Once again I am always reminded about the power of Twitter. It is so easy to connect with other educators whom you share a common vision with. Ross Halliday and I have come to know each other relatively well despite never meeting in person. We have had a number of excellent Google Hangouts in which we have talked in-depth about defining what good teaching is. Although being relatively new to the teaching profession, Ross is miles ahead in terms of his openness to learning as much as he can to improve his practice. He realizes that good teaching practice is very non-PE specific in nature and is constantly on the lookout for any research or resources that can help him improve. Reflection plays a big part in Ross' professional journey. I love his approach to education and regularly follow his blog and recommend that you do as well. I would like to thank Ross for taking the time to share his thoughts and vision on PYP PE with Andy.
A bit about Ross:
Ross was born in Ayrshire on the west coast of Scotland in 1982. He spent his whole youth playing sport in nearby parks, fields, gyms and anywhere else he could find a game.
His soccer potential was realized to some extent when he was “drafted”/ “scouted” for Hibernian FC in Scotland as a youth pro. Although he gave it his best effort, his direction in life changed as he completed his Bed Physical Education (hons) at the University of Edinburgh.
He now works as Head of PE and Sport in a Prep-6 junior school in Melbourne, Australia. Ross is very busy these days as he is about to begin a new life in October as he and his fiance are engaged to be married on October 19th.
As a teacher and a learner he is in endless pursuit of the things in #PhysEd lessons that really make learning ‘fizz’. He blogs at http://makingpefizz.com/.
Ross' Guest Blog
Through reading various blog posts recently, specifically ‘sorry, sorry, sorry’ by Dr Ash Casey, I've been forced to reflect on my own PE experiences and what brought about a desire in me to put my heart and soul into becoming the best teacher I possibly could.
As you may guess, I was "one of those" sporty students who lit up in the gym but sat back offering basic compliance in other areas of the school, or the subjects in which I was allowed to anyway. There were some superstar teachers who didn't accept basic compliance, not-so-coincidently theirs were subjects in which I succeeded also.
But even though I prospered in PE, even back then I wanted it to be more popular. I wanted everyone to light up at the thought of going there, to enjoy it, to value it. I had friends (often girls) who loved sport but hated PE and it broke my heart to see them dodge and wag their way through our school years. I still remember “notes from parents" being central to weekly avoidance strategies.
It felt like I had found the best band in the world but only a couple of people wanted to come to the gig with me.
I've said before that I thought I became a teacher the day I graduated and got my first job. But, I was mistaken. I am, and will always be, “becoming” a Teacher.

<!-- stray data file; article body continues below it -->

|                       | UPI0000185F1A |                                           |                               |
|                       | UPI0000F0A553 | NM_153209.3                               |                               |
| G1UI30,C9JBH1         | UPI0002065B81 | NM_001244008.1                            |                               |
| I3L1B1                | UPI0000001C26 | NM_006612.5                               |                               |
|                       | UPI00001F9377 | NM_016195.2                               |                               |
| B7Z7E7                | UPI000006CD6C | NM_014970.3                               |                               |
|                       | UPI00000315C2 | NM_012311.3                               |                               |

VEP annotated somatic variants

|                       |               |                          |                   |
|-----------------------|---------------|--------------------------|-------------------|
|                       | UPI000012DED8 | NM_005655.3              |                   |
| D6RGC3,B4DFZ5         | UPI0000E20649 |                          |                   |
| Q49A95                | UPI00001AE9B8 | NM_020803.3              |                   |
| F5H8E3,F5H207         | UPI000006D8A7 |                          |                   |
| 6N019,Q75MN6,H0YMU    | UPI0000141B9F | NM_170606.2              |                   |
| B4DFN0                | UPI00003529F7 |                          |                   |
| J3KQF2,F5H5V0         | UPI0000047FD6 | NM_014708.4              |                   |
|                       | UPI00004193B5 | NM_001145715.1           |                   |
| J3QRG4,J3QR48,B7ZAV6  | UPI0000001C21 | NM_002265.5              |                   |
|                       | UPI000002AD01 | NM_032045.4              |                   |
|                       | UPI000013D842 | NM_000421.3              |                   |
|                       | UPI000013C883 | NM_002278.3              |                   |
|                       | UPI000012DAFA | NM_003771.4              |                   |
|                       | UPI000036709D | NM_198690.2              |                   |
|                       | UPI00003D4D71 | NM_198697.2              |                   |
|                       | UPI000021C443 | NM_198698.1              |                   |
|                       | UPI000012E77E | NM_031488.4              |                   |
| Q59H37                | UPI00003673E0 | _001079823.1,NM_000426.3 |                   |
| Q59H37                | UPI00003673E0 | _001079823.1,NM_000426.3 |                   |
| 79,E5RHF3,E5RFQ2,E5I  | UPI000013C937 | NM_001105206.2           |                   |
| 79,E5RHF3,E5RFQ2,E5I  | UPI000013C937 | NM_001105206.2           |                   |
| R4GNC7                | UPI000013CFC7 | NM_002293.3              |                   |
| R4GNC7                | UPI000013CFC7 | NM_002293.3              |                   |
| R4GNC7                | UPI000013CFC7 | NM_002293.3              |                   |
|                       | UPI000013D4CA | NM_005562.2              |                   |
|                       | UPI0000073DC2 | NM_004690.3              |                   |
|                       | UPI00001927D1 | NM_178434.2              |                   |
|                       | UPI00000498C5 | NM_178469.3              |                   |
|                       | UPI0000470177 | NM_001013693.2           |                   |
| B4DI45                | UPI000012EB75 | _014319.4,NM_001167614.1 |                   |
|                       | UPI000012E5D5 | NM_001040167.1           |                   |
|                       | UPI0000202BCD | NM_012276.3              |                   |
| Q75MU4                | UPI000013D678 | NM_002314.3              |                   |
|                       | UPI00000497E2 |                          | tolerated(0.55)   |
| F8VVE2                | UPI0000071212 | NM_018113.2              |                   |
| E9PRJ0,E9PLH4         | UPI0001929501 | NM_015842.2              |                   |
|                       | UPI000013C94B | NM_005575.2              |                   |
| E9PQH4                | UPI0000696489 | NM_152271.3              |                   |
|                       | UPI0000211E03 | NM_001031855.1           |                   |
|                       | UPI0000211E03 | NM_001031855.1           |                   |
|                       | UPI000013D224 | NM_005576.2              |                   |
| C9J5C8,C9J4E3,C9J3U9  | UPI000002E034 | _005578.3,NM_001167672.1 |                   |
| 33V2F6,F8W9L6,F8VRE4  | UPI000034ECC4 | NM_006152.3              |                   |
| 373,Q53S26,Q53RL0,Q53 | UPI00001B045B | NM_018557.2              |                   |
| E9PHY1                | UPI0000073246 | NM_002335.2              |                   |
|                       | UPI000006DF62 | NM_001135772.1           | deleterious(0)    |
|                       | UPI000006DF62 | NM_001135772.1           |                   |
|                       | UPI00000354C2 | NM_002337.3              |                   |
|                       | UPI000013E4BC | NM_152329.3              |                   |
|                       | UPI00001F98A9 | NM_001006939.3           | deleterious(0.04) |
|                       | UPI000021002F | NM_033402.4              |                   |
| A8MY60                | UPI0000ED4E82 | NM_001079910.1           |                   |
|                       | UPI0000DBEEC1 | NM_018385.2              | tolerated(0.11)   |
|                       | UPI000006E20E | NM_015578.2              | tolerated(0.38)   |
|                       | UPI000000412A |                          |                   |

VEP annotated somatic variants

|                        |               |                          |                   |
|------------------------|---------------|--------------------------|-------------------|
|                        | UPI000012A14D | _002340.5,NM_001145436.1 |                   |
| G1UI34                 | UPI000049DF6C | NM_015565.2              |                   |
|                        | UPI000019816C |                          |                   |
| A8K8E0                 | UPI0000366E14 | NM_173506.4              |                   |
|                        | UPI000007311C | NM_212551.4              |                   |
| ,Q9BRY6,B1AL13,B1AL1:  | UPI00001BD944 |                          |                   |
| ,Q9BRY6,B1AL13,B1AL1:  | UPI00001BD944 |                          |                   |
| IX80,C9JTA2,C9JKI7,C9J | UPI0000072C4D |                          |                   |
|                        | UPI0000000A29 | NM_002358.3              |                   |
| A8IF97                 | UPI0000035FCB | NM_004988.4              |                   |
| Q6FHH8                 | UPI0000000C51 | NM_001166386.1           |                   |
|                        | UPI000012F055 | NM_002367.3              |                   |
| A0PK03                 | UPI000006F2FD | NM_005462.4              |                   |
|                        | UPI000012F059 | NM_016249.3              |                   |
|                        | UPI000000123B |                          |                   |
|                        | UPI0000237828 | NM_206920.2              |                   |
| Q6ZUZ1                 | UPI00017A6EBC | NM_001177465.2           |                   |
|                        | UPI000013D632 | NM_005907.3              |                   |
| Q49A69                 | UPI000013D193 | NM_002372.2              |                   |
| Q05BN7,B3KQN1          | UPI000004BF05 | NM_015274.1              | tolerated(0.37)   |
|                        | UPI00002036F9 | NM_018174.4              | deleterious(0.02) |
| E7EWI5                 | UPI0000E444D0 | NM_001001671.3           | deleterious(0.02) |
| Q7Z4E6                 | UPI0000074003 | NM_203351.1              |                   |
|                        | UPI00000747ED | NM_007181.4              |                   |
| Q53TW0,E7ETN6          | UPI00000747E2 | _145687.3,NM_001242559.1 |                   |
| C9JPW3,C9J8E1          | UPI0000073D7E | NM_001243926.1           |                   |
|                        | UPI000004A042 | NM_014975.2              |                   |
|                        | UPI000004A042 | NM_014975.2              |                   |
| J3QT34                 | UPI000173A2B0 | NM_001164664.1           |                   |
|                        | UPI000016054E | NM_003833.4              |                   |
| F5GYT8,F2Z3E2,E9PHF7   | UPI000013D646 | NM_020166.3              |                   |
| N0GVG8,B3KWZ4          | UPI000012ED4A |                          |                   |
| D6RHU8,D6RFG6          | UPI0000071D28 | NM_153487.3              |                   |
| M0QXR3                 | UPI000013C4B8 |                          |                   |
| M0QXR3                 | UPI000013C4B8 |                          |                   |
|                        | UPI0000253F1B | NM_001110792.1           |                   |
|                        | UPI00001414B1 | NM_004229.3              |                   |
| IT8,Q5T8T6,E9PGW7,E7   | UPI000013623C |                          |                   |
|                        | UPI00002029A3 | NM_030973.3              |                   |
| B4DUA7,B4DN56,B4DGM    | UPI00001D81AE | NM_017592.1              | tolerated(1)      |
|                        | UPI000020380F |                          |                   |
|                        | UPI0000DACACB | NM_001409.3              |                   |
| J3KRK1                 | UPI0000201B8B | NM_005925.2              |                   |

As soon as I came to this realisation, it allowed me to reflect more honestly on my teaching practice, go easy on myself for making mistakes, be up front about what strengths I have and, as important, areas in which I can (and must) improve upon.
You may notice I've referred to myself as a ‘teacher’ first, and a ‘PE teacher’ second. Andy told me recently about how he asked workshop attendees to write “I am a physical educator” on their name sticker, he then told them to remove the “Physical” from it.
That’s what we are - Educators.
We just happen to educate through movement, physical activity, skill acquisition, games understanding, personal, social domains etc. The BEST things in my opinion!
So while my PE experiences were mostly enjoyable, I have always had an inherent will within me to ensure PE brings joy to all students, a joy that will stay with them beyond school and into adulthood, that’s what we’re ultimately aiming for, right?
A goal of ours should be to teach with the next 60 years in mind and not only the next 60 minutes.
Considering myself as an educator first has pushed me to look outside of the gym walls for ideas on enhancing my practice. Indeed, as a learner myself, I have felt compelled to look outside the walls of the school for inspiration. Remember that place where our students live?
A bright twitter pal of mine once told me about how she “always has learning goggles on.” This to ensure she never misses an opportunity to grab and develop an idea to enrich her students learning. You just never know where this inspiration might come from. One thing is for sure, you need to have your radar up and ready to make sure you capitalise on it. Do you have your learning goggles on all the time?
If you surround yourself with amazing people, whether through friends, family, twitter or other networks you don’t have to wait too long, or look too far for the next piece of gold to pop up.
If it’s a piece of solid gold, it’ll most likely need some work from you to make it yours or more essentially for your students, to make it theirs.
Back in my school days (oh no, have I really started saying that?) PE teachers only taught “the hands.” It was all about doing. Seems plausible given we’re in a practical learning area. But the one thing I promised myself I would always do was to ensure my program, (my lessons) value the hands, the head AND the heart.
We must offer our students the chance to learn, “to do”, “to know” and “to be” and only then might they light up when they enter the gym. Only then might they learn to value a healthy and active lifestyle and only then may their hearts grow warmer in front of our very eyes.
I encourage you, whatever you teach, to look outside of your classroom, look outside of your school, place your learning goggles firmly on, and see the world through the eyes of the opportunist super-learner.